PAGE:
Austin Pendleton


The Wars of the Roses (Shakespeare’s, Henry VI, Part 3 and Richard III), directed by Austin Pendleton, starring Matt de Rogatis, at the 124 Bank Street Theater—Closing August 19th

The violent reign of Richard III was a popular subject from the time of Henry VIII on, according to the several chronicles and plays that preceded Shakespeare's The Tragedy of King Richard III (ca.  1592), and his own play was an immediate success with the public, as the five quarto editions published before his death attest, and has continued to be a favorite until the present day—not least because of the rich meat it provided for star actors, from Richard Burbage on.  Popularity creates expectations.  Richard's opening monologue is one of the purple passages that sticks in the mind of even the most casual Shakespearean, and Shakespeare gives some hint of the story's rootedness in the minds of his audience by meticulously chronicling all ten of Richard's most heinous murders, recapping them in Act V in the successive entrances of their ghosts.  Even though some of Shakespeare's predecessor felt no compunction to be so thorough, he felt the need to satisfy his audience's appetite for guilt and gore with each and every one of them, and that may well have been one of the keys to the play's success.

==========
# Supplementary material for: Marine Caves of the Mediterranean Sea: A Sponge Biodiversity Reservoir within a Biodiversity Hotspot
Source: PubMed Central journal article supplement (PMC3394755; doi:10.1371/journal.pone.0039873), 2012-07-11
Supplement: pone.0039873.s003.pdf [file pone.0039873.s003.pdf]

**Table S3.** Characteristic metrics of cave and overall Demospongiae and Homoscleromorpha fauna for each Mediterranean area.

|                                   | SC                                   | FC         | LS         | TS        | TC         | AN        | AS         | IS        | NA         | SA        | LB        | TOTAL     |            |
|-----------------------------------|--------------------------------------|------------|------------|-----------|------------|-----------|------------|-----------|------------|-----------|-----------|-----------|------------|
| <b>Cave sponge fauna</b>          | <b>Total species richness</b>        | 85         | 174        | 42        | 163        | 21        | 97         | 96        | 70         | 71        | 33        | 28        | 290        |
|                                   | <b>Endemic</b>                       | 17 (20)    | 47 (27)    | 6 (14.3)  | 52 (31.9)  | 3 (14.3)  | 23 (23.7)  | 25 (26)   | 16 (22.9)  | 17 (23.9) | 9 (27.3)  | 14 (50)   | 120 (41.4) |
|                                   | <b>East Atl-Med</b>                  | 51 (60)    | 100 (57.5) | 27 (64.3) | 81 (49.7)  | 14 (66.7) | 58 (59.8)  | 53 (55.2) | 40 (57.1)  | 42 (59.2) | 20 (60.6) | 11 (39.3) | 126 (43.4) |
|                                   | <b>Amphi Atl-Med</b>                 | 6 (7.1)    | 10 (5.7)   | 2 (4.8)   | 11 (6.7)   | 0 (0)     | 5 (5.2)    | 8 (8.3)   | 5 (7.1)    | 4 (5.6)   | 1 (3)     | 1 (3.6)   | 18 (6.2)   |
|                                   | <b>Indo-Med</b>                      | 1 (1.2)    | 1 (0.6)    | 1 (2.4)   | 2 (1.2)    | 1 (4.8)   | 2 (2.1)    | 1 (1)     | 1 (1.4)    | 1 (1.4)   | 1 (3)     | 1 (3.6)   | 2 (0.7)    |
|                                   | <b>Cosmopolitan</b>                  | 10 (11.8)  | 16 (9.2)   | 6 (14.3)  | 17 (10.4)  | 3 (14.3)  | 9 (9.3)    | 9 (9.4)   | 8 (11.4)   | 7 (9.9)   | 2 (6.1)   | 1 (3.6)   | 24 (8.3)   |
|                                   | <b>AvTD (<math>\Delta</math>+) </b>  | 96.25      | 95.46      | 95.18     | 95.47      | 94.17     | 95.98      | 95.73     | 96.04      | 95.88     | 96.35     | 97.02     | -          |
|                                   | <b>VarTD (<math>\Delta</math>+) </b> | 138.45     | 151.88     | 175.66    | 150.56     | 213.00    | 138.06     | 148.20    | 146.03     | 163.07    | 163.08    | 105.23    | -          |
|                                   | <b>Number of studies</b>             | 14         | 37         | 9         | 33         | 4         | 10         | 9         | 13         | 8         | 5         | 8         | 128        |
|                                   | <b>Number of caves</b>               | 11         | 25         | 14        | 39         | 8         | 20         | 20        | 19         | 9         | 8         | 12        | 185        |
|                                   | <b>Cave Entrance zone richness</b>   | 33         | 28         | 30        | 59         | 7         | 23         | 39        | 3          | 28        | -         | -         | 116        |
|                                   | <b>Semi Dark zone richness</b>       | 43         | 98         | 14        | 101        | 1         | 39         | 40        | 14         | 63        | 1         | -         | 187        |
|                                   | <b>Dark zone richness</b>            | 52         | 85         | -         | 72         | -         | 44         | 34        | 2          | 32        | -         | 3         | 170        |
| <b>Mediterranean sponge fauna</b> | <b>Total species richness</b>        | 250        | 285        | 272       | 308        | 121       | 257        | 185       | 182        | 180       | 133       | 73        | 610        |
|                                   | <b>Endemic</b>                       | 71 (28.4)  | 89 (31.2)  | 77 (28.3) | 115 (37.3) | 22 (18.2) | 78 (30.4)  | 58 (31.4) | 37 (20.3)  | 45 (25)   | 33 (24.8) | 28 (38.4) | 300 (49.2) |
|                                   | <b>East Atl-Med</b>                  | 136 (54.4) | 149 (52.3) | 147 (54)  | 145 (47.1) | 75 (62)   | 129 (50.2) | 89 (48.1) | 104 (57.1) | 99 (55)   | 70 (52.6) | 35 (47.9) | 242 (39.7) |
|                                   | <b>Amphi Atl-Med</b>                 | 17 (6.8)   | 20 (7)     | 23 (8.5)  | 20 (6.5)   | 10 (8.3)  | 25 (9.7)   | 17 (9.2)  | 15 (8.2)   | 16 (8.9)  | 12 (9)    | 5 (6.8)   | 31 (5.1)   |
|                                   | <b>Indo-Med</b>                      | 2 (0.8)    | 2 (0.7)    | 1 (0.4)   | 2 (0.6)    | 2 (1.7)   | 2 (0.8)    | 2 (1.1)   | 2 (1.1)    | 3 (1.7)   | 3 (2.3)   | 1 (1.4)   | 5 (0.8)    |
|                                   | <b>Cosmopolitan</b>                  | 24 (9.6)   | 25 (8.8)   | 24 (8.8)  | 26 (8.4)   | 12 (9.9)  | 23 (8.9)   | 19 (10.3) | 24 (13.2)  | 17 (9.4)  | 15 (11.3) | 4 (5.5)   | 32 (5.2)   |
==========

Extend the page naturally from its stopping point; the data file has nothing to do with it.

The Saintliness of Margery Kempe, by John Wulp—Saint or Diva?

Margery Kempe, as portrayed by the excellent, feisty Andrus Nichols, would indeed try the patience of a saint. Nichols, part of the splendid cast of The Saintliness of Margery Kempe, plays the title role which is loosely based on the real fourteenth century woman who wrote what is often considered the first English language autobiography, abandons her husband and six children, (the real Kempe had fourteen), to find herself in the larger world.
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